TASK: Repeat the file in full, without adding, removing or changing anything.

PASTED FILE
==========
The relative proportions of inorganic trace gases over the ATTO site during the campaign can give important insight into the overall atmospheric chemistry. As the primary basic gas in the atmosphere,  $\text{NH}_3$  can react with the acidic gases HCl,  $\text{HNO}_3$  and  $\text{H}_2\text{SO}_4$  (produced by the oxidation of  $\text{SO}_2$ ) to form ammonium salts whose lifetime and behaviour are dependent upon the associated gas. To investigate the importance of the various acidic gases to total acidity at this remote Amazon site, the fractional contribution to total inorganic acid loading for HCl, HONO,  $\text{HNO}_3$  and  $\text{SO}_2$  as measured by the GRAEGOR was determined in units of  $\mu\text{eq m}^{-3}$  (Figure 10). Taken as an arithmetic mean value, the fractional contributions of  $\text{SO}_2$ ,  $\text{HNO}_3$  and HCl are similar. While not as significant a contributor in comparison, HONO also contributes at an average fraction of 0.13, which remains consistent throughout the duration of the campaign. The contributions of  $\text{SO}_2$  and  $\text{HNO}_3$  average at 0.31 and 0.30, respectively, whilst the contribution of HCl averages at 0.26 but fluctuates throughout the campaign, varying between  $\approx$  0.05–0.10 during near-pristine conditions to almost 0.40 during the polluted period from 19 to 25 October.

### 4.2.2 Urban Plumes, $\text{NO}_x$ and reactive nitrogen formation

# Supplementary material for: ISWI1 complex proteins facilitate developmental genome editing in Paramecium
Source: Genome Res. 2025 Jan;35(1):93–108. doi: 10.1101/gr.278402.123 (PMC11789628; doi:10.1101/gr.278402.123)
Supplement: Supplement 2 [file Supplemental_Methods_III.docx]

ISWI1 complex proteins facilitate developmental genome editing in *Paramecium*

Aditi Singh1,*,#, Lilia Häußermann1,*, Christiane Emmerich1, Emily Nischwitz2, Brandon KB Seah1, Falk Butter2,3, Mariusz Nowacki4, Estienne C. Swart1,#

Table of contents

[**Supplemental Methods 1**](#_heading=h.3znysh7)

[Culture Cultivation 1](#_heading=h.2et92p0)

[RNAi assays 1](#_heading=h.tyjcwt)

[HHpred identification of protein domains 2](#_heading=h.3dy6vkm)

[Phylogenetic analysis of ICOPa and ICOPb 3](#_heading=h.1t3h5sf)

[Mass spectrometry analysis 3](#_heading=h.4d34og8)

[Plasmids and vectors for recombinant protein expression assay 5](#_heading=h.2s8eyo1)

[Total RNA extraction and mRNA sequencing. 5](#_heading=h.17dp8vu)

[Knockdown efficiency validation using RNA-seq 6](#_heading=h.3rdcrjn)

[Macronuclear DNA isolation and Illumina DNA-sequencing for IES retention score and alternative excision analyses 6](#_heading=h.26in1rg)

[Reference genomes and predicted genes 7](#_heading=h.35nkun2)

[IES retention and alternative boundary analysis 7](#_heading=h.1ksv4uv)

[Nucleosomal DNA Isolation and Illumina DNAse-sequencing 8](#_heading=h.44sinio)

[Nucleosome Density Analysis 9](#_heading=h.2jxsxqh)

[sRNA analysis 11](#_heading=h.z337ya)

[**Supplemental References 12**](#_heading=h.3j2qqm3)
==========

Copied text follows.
The relative proportions of inorganic trace gases over the ATTO site during the campaign can give important insight into the overall atmospheric chemistry. As the primary basic gas in the atmosphere,  $\text{NH}_3$  can react with the acidic gases HCl,  $\text{HNO}_3$  and  $\text{H}_2\text{SO}_4$  (produced by the oxidation of  $\text{SO}_2$ ) to form ammonium salts whose lifetime and behaviour are dependent upon the associated gas. To investigate the importance of the various acidic gases to total acidity at this remote Amazon site, the fractional contribution to total inorganic acid loading for HCl, HONO,  $\text{HNO}_3$  and  $\text{SO}_2$  as measured by the GRAEGOR was determined in units of  $\mu\text{eq m}^{-3}$  (Figure 10). Taken as an arithmetic mean value, the fractional contributions of  $\text{SO}_2$ ,  $\text{HNO}_3$  and HCl are similar. While not as significant a contributor in comparison, HONO also contributes at an average fraction of 0.13, which remains consistent throughout the duration of the campaign. The contributions of  $\text{SO}_2$  and  $\text{HNO}_3$  average at 0.31 and 0.30, respectively, whilst the contribution of HCl averages at 0.26 but fluctuates throughout the campaign, varying between  $\approx$  0.05–0.10 during near-pristine conditions to almost 0.40 during the polluted period from 19 to 25 October.

### 4.2.2 Urban Plumes, $\text{NO}_x$ and reactive nitrogen formation

# Supplementary material for: ISWI1 complex proteins facilitate developmental genome editing in Paramecium
Source: Genome Res. 2025 Jan;35(1):93–108. doi: 10.1101/gr.278402.123 (PMC11789628; doi:10.1101/gr.278402.123)
Supplement: Supplement 2 [file Supplemental_Methods_III.docx]

ISWI1 complex proteins facilitate developmental genome editing in *Paramecium*

Aditi Singh1,*,#, Lilia Häußermann1,*, Christiane Emmerich1, Emily Nischwitz2, Brandon KB Seah1, Falk Butter2,3, Mariusz Nowacki4, Estienne C. Swart1,#

Table of contents

[**Supplemental Methods 1**](#_heading=h.3znysh7)

[Culture Cultivation 1](#_heading=h.2et92p0)

[RNAi assays 1](#_heading=h.tyjcwt)

[HHpred identification of protein domains 2](#_heading=h.3dy6vkm)

[Phylogenetic analysis of ICOPa and ICOPb 3](#_heading=h.1t3h5sf)

[Mass spectrometry analysis 3](#_heading=h.4d34og8)

[Plasmids and vectors for recombinant protein expression assay 5](#_heading=h.2s8eyo1)

[Total RNA extraction and mRNA sequencing. 5](#_heading=h.17dp8vu)

[Knockdown efficiency validation using RNA-seq 6](#_heading=h.3rdcrjn)

[Macronuclear DNA isolation and Illumina DNA-sequencing for IES retention score and alternative excision analyses 6](#_heading=h.26in1rg)

[Reference genomes and predicted genes 7](#_heading=h.35nkun2)

[IES retention and alternative boundary analysis 7](#_heading=h.1ksv4uv)

[Nucleosomal DNA Isolation and Illumina DNAse-sequencing 8](#_heading=h.44sinio)

[Nucleosome Density Analysis 9](#_heading=h.2jxsxqh)

[sRNA analysis 11](#_heading=h.z337ya)

[**Supplemental References 12**](#_heading=h.3j2qqm3)